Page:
1. Thanks for these German citations. The second link specifically cites a banner at the East Berlin demonstration of 4 November 1989, the same demonstration pictured above. The banner I saw was written in English; it may be that the same phrase in German was on other banners.


  1. When you say `A relaxed immigration policy was announced on November 9, 1989′ do you mean `..relaxed emigration policy’… `emigration’ is the oppossite to `immigration’

    1. I suppose I do. In the US the bureaucracy that handles visas and border checks is (or was) the Immigration and Naturalization Service, and I was assuming there was some similar East German agency. But in East Germany you needed exit visas, which could mean emigration, and perhaps they had another agency for that. The ad hoc policy of the border guards allowed people to move back and forth, so there was both emigration and immigration of a sort.


    2. Immigration or emigration? Both technical designations sound wrong. Actually residents of G.D.R. were German. Nobody really (even in those days) would have called that process as an instance of migration.

  2. Very good story. I remember it all happened very fast and the govt. here in America was surprised and not ready for it. Frankly I don’t think we ever got over the whole idea of the soviet collapse. Our military industrial complex never missed a beat and the increased spending is only evidence. Was also a bad time for Putin although he eventually benefited many times over.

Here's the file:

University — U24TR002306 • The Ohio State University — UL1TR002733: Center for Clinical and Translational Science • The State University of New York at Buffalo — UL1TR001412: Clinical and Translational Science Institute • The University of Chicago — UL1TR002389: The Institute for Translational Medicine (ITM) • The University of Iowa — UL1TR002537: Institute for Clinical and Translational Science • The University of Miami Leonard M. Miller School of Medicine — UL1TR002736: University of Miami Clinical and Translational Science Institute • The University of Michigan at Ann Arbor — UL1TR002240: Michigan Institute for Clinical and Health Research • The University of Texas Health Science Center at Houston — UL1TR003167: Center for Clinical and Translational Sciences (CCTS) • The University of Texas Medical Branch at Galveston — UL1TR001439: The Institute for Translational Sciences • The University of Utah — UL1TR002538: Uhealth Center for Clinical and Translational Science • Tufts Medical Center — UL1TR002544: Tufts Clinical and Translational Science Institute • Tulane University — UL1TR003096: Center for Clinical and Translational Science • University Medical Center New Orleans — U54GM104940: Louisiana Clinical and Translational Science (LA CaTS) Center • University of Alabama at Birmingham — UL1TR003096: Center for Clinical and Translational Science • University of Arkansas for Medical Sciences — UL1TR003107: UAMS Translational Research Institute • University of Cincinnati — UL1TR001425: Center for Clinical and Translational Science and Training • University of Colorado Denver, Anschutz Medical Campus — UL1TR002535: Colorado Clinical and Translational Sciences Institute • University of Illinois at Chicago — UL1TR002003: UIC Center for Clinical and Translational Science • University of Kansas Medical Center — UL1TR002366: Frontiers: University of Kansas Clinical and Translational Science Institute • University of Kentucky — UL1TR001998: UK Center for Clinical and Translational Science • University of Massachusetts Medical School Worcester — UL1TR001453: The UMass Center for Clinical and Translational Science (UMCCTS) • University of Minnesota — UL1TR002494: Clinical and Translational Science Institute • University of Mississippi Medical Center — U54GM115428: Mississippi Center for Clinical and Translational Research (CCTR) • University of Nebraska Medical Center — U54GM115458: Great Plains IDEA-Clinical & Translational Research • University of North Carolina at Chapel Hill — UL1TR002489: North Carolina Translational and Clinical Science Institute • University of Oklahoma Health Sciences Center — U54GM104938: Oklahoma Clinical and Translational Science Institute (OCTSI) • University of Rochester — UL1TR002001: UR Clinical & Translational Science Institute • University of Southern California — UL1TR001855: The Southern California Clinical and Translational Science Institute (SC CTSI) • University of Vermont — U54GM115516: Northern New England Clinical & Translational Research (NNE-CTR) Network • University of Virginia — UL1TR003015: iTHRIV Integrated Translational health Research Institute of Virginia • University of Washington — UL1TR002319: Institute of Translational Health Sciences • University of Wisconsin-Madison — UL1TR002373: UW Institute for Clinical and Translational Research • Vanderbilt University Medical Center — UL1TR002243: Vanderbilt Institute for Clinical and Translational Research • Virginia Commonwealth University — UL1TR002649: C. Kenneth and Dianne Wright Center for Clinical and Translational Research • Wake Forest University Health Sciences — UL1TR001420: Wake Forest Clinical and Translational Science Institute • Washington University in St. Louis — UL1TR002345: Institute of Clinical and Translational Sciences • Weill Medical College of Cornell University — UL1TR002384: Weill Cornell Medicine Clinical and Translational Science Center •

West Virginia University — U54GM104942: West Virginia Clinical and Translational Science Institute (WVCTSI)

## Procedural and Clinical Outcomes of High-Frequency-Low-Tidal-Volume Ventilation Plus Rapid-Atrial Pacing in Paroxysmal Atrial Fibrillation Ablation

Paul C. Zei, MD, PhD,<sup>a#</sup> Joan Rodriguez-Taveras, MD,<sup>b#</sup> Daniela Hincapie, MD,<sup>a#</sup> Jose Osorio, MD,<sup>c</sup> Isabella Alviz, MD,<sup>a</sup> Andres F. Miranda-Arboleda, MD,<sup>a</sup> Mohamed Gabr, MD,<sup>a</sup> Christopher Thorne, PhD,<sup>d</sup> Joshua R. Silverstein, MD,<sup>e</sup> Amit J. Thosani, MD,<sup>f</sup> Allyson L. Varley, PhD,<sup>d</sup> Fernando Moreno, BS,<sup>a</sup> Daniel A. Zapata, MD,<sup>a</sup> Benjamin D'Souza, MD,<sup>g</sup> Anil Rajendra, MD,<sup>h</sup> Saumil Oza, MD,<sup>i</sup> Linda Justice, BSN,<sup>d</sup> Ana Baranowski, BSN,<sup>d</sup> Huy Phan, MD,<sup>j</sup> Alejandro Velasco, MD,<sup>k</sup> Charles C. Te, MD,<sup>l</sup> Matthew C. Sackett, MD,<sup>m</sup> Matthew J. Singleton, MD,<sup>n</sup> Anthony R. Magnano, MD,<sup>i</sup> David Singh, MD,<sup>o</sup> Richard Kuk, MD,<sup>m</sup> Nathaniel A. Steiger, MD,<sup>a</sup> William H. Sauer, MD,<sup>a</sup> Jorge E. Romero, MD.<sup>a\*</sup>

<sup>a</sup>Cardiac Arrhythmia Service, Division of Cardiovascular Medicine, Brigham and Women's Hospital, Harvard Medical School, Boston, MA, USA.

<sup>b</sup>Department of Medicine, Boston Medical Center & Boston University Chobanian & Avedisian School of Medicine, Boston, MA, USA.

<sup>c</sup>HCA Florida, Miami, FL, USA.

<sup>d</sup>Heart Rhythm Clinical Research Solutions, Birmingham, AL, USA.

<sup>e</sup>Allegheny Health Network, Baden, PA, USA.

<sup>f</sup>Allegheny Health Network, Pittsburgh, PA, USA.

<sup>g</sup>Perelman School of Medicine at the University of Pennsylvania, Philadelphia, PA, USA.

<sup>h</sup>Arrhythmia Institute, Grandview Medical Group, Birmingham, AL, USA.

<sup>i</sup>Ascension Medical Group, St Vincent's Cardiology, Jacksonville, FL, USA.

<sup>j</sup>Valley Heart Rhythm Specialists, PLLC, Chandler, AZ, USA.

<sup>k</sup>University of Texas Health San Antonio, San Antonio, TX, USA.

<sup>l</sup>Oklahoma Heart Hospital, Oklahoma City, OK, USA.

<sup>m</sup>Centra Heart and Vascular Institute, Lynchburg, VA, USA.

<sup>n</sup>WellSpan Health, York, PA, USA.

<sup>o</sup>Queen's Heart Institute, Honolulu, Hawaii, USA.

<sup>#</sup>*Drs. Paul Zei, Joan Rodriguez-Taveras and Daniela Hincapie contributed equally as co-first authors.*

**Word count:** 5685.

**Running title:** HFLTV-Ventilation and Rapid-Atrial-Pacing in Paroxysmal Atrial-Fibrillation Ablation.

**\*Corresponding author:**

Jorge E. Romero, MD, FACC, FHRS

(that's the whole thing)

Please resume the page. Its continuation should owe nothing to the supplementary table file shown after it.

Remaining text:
1. Yes, pretty dramatic for Putin. His vision or ideas for a modern soviet society have become somewhat limited. Limited to him and a few of his buddies. There is one person here in the U.S. that is very impressed.

      2. More than that! He was in Dresden on the night the wall fell. Having heard that the offices of the Stasi in Berlin had been occupied by by the public, a lawyer (and later Green Party MP) Hans-Peter Ströbele decided to walk into the Dresden Stasi offices. He was stopped by a raterh icy young man holding a pistol and telling him “This building is the property of the Soviet Union.”

        Ströbele left. A few years later he saw the same man acting as Yeltsin’s deputy.

        One of Putin’s tasks was stealing computer technology from the west.

    1. Interestingly, after the Reagan administration, there were five terms for Republicans (two Bushs with each two terms, and one for Trump) and four terms Democrats (Clinton and Obama, two each), i.e. 5:4.

      And yet, despite the end of the Cold War, and despite that the “good” Democrats were in office about half the time, and despite that most Americans were represented half of the time, the military budget doubled, and is twice as big as those of Russia and China combined, or about as large as the next twenty nations combined. The US is still an outlier when it comes to many features of delevoped nations. Supporting single moms, guns, health care, population in prison and so on. So much winning!